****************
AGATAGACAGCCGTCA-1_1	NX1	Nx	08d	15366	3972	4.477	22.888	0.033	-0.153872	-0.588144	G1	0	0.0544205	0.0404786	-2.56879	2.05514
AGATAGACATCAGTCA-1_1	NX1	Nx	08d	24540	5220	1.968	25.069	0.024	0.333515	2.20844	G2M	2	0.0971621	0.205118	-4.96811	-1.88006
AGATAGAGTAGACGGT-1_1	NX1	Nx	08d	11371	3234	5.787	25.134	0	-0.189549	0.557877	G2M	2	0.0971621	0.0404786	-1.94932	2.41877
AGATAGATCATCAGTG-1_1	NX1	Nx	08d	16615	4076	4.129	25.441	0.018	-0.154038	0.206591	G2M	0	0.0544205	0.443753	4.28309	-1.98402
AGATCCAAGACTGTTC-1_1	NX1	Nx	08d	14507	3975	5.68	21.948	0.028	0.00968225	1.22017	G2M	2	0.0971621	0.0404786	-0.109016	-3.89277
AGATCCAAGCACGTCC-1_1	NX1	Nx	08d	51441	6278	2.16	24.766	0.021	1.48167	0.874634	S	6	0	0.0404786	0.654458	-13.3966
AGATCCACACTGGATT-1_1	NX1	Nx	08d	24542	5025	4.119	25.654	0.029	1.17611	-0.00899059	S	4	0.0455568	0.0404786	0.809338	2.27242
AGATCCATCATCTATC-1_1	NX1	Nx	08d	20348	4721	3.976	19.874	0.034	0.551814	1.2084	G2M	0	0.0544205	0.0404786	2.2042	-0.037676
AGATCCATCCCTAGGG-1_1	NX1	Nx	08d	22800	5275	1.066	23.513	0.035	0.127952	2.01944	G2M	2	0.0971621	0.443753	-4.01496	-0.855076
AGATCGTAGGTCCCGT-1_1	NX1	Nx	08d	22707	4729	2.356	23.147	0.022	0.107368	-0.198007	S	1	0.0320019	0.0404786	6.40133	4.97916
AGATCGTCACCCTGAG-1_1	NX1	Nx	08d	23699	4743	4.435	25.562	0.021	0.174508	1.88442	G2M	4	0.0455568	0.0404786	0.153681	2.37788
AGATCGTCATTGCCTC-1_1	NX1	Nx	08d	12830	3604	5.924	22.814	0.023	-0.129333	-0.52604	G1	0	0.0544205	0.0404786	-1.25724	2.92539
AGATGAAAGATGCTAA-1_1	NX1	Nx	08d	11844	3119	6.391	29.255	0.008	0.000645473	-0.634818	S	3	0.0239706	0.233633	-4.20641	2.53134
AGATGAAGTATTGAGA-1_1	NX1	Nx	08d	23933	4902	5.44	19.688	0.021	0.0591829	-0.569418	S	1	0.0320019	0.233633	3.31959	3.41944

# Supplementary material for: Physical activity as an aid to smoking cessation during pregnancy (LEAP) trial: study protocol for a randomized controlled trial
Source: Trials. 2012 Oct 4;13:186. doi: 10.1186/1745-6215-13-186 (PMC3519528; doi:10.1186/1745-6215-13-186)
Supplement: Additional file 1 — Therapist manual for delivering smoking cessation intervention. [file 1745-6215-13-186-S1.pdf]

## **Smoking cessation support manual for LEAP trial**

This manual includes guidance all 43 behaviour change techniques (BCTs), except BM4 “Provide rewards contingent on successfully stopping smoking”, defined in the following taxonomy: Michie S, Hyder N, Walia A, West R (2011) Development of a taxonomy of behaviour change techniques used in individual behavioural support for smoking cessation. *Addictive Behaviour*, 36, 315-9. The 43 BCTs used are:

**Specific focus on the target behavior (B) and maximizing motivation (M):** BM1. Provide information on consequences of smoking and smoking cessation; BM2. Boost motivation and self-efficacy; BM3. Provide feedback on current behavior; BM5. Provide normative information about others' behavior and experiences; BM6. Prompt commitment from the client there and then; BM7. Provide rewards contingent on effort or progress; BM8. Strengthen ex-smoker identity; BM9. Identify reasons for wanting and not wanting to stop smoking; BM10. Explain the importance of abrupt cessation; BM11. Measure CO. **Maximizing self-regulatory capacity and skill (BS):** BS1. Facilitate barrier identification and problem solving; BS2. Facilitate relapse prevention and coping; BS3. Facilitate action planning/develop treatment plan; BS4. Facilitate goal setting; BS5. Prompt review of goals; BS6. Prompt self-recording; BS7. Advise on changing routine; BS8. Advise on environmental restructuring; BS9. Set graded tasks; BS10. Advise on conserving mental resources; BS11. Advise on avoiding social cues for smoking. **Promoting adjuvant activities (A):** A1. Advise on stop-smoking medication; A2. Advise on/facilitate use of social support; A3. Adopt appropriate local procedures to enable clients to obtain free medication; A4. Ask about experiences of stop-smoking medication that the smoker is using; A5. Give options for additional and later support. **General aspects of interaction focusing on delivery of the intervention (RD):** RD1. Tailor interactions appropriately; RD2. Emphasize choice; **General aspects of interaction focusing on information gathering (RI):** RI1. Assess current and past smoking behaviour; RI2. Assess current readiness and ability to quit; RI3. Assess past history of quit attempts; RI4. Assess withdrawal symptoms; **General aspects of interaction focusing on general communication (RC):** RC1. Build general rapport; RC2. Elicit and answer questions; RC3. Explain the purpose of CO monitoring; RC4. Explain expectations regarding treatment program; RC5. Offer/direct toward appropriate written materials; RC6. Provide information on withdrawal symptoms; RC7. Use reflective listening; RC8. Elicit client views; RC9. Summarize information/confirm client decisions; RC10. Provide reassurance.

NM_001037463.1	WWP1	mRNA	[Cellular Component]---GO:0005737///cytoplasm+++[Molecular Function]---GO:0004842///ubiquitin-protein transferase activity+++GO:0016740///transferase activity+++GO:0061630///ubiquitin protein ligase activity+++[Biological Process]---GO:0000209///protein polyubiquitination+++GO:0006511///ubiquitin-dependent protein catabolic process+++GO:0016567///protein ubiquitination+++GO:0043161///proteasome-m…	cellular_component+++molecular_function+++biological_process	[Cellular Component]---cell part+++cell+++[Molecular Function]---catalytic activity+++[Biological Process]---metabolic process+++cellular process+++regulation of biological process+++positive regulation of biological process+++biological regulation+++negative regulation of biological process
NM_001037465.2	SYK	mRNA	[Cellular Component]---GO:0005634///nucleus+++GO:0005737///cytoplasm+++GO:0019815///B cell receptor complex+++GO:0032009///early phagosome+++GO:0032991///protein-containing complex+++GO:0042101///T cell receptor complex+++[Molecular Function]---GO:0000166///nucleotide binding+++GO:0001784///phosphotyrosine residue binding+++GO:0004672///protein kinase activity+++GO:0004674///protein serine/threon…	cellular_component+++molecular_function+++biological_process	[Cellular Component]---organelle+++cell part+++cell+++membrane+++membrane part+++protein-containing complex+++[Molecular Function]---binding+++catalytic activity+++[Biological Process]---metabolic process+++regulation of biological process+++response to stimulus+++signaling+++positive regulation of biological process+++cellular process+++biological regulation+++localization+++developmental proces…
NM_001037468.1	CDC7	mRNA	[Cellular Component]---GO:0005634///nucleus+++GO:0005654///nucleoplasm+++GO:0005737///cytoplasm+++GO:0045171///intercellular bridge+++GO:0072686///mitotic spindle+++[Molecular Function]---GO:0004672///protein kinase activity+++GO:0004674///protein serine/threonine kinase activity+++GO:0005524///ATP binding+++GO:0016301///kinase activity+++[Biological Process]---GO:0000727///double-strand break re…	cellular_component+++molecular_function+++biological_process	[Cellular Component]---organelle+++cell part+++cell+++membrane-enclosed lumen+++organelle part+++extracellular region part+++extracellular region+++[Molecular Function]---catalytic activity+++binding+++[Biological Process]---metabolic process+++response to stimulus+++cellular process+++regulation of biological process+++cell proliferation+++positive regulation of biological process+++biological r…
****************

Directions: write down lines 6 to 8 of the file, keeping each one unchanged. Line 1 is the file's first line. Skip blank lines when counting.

AGATCCAAGCACGTCC-1_1	NX1	Nx	08d	51441	6278	2.16	24.766	0.021	1.48167	0.874634	S	6	0	0.0404786	0.654458	-13.3966
AGATCCACACTGGATT-1_1	NX1	Nx	08d	24542	5025	4.119	25.654	0.029	1.17611	-0.00899059	S	4	0.0455568	0.0404786	0.809338	2.27242
AGATCCATCATCTATC-1_1	NX1	Nx	08d	20348	4721	3.976	19.874	0.034	0.551814	1.2084	G2M	0	0.0544205	0.0404786	2.2042	-0.037676